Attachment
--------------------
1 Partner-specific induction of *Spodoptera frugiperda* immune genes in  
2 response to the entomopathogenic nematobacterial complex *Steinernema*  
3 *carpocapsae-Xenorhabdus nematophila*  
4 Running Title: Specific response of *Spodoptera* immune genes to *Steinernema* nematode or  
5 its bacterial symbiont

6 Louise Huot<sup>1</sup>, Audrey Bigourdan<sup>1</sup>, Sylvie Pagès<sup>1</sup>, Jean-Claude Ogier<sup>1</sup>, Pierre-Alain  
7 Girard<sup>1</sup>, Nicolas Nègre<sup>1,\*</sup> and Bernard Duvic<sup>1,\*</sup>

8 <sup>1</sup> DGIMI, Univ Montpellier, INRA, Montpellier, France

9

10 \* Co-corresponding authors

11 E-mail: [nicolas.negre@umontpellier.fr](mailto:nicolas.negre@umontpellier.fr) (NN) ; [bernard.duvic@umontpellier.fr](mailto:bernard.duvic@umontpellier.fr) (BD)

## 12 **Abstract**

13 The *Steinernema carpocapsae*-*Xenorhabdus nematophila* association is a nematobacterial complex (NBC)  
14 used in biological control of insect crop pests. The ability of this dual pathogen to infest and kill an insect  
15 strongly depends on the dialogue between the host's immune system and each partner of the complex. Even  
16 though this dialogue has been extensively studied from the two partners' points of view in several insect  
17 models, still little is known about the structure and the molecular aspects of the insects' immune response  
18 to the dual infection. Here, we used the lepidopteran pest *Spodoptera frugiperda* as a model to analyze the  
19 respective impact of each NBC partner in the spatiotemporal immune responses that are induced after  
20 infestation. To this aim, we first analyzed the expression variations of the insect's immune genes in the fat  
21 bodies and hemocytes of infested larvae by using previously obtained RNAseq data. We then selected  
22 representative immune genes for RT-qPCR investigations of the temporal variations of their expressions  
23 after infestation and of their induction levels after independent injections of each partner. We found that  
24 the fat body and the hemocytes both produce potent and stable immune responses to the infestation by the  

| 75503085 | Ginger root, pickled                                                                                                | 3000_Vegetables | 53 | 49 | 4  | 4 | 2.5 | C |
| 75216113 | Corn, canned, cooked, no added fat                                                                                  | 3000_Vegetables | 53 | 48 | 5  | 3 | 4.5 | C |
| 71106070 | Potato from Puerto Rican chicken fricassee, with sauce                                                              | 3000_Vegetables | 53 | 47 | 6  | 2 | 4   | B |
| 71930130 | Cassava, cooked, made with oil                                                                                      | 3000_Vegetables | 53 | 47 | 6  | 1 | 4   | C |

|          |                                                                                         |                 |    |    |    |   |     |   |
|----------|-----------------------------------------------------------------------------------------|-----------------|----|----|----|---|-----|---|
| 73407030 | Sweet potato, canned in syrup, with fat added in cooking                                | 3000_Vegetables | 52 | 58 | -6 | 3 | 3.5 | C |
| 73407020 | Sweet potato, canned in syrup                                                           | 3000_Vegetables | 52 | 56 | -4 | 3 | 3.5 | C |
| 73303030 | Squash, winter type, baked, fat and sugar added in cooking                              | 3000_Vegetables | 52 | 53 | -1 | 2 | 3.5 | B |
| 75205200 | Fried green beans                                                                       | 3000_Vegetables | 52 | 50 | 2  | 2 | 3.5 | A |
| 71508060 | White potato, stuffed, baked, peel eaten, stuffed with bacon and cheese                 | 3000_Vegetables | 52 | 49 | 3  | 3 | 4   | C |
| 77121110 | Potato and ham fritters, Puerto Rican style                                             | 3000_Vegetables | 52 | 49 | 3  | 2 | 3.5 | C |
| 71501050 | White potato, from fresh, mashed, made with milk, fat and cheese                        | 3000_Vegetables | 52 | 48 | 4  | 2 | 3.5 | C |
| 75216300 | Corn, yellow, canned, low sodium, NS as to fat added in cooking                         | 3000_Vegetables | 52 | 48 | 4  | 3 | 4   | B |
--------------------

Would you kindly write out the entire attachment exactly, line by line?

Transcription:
1 Partner-specific induction of *Spodoptera frugiperda* immune genes in  
2 response to the entomopathogenic nematobacterial complex *Steinernema*  
3 *carpocapsae-Xenorhabdus nematophila*  
4 Running Title: Specific response of *Spodoptera* immune genes to *Steinernema* nematode or  
5 its bacterial symbiont

6 Louise Huot<sup>1</sup>, Audrey Bigourdan<sup>1</sup>, Sylvie Pagès<sup>1</sup>, Jean-Claude Ogier<sup>1</sup>, Pierre-Alain  
7 Girard<sup>1</sup>, Nicolas Nègre<sup>1,\*</sup> and Bernard Duvic<sup>1,\*</sup>

8 <sup>1</sup> DGIMI, Univ Montpellier, INRA, Montpellier, France

9

10 \* Co-corresponding authors

11 E-mail: [nicolas.negre@umontpellier.fr](mailto:nicolas.negre@umontpellier.fr) (NN) ; [bernard.duvic@umontpellier.fr](mailto:bernard.duvic@umontpellier.fr) (BD)

## 12 **Abstract**

13 The *Steinernema carpocapsae*-*Xenorhabdus nematophila* association is a nematobacterial complex (NBC)  
14 used in biological control of insect crop pests. The ability of this dual pathogen to infest and kill an insect  
15 strongly depends on the dialogue between the host's immune system and each partner of the complex. Even  
16 though this dialogue has been extensively studied from the two partners' points of view in several insect  
17 models, still little is known about the structure and the molecular aspects of the insects' immune response  
18 to the dual infection. Here, we used the lepidopteran pest *Spodoptera frugiperda* as a model to analyze the  
19 respective impact of each NBC partner in the spatiotemporal immune responses that are induced after  
20 infestation. To this aim, we first analyzed the expression variations of the insect's immune genes in the fat  
21 bodies and hemocytes of infested larvae by using previously obtained RNAseq data. We then selected  
22 representative immune genes for RT-qPCR investigations of the temporal variations of their expressions  
23 after infestation and of their induction levels after independent injections of each partner. We found that  
24 the fat body and the hemocytes both produce potent and stable immune responses to the infestation by the  

| 75503085 | Ginger root, pickled                                                                                                | 3000_Vegetables | 53 | 49 | 4  | 4 | 2.5 | C |
| 75216113 | Corn, canned, cooked, no added fat                                                                                  | 3000_Vegetables | 53 | 48 | 5  | 3 | 4.5 | C |
| 71106070 | Potato from Puerto Rican chicken fricassee, with sauce                                                              | 3000_Vegetables | 53 | 47 | 6  | 2 | 4   | B |
| 71930130 | Cassava, cooked, made with oil                                                                                      | 3000_Vegetables | 53 | 47 | 6  | 1 | 4   | C |

|          |                                                                                         |                 |    |    |    |   |     |   |
|----------|-----------------------------------------------------------------------------------------|-----------------|----|----|----|---|-----|---|
| 73407030 | Sweet potato, canned in syrup, with fat added in cooking                                | 3000_Vegetables | 52 | 58 | -6 | 3 | 3.5 | C |
| 73407020 | Sweet potato, canned in syrup                                                           | 3000_Vegetables | 52 | 56 | -4 | 3 | 3.5 | C |
| 73303030 | Squash, winter type, baked, fat and sugar added in cooking                              | 3000_Vegetables | 52 | 53 | -1 | 2 | 3.5 | B |
| 75205200 | Fried green beans                                                                       | 3000_Vegetables | 52 | 50 | 2  | 2 | 3.5 | A |
| 71508060 | White potato, stuffed, baked, peel eaten, stuffed with bacon and cheese                 | 3000_Vegetables | 52 | 49 | 3  | 3 | 4   | C |
| 77121110 | Potato and ham fritters, Puerto Rican style                                             | 3000_Vegetables | 52 | 49 | 3  | 2 | 3.5 | C |
| 71501050 | White potato, from fresh, mashed, made with milk, fat and cheese                        | 3000_Vegetables | 52 | 48 | 4  | 2 | 3.5 | C |
| 75216300 | Corn, yellow, canned, low sodium, NS as to fat added in cooking                         | 3000_Vegetables | 52 | 48 | 4  | 3 | 4   | B |